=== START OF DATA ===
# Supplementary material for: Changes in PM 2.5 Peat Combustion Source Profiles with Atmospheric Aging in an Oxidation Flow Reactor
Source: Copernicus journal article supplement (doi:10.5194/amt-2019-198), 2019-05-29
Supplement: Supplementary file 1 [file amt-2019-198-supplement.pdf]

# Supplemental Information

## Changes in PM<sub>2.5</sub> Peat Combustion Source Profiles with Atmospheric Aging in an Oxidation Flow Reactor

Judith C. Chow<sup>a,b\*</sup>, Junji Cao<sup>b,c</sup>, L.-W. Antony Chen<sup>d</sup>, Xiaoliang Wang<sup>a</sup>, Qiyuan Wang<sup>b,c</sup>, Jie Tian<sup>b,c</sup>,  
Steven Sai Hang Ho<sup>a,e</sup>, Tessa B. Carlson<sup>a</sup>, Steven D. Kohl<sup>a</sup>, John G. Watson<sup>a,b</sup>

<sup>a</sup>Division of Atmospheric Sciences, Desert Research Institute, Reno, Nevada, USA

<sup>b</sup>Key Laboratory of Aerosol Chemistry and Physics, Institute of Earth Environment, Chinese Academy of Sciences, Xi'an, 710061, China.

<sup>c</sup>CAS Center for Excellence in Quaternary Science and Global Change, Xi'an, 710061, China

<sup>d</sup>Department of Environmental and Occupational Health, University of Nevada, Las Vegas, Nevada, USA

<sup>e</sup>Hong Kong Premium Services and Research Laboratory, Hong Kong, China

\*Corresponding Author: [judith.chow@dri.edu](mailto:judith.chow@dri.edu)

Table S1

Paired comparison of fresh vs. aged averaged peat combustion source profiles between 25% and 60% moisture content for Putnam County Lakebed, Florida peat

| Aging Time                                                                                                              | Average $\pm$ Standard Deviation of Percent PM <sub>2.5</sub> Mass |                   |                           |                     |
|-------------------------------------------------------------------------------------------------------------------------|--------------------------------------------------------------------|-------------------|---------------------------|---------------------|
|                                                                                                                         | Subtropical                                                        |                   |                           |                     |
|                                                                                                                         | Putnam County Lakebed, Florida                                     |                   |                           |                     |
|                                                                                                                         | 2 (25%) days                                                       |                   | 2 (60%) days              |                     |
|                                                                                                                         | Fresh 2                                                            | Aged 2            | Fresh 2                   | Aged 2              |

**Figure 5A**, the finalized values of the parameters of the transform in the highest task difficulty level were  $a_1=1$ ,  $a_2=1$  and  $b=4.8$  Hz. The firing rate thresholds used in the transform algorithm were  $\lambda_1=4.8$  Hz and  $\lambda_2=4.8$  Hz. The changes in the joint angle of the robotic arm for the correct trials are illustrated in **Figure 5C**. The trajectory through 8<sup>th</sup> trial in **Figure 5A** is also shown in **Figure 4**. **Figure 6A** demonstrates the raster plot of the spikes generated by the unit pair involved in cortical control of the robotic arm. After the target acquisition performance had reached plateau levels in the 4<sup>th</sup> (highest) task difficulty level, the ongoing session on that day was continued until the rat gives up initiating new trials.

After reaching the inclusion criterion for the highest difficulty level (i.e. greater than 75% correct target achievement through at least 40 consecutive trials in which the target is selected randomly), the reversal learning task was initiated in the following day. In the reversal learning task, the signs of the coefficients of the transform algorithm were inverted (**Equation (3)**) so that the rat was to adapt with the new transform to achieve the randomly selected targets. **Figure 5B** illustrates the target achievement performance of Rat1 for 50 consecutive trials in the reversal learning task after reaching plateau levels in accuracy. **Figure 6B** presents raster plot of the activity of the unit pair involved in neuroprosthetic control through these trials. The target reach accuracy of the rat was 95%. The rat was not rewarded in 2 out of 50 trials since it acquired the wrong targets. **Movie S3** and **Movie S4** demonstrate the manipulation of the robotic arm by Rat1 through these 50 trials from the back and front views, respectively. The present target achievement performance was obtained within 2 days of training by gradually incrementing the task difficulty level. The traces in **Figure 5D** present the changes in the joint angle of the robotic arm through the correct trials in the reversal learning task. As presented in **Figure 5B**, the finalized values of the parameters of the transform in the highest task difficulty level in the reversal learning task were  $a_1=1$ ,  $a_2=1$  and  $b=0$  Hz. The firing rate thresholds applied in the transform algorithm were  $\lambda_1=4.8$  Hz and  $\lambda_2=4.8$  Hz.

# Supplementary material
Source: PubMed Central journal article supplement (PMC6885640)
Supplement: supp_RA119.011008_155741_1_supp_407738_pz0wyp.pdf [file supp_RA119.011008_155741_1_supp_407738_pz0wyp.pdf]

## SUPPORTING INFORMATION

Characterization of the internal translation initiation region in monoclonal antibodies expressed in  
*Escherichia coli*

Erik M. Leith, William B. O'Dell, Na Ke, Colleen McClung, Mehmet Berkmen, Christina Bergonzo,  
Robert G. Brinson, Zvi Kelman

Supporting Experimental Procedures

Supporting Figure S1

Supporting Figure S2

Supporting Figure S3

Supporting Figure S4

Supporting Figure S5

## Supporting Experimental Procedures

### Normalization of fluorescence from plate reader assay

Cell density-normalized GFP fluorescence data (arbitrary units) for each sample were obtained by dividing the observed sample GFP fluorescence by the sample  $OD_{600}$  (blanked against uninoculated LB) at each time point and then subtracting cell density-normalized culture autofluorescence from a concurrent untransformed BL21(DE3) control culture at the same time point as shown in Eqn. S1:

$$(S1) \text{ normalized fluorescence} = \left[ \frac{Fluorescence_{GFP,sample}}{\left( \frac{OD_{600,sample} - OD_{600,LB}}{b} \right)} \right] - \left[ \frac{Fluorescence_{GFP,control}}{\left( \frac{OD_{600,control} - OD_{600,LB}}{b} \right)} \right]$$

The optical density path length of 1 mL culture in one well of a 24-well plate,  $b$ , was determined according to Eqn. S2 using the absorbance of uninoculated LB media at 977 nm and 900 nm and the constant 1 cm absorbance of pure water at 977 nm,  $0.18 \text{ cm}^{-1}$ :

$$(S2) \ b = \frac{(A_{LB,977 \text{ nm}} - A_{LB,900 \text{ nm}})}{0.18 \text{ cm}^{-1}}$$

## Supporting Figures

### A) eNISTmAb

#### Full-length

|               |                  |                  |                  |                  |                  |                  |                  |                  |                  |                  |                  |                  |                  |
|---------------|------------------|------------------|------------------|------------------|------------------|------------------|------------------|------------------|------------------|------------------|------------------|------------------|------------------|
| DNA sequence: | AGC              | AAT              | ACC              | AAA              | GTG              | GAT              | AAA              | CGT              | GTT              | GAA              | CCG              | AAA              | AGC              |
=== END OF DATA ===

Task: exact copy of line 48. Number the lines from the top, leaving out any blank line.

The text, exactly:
|---------------|------------------|------------------|------------------|------------------|------------------|------------------|------------------|------------------|------------------|------------------|------------------|------------------|------------------|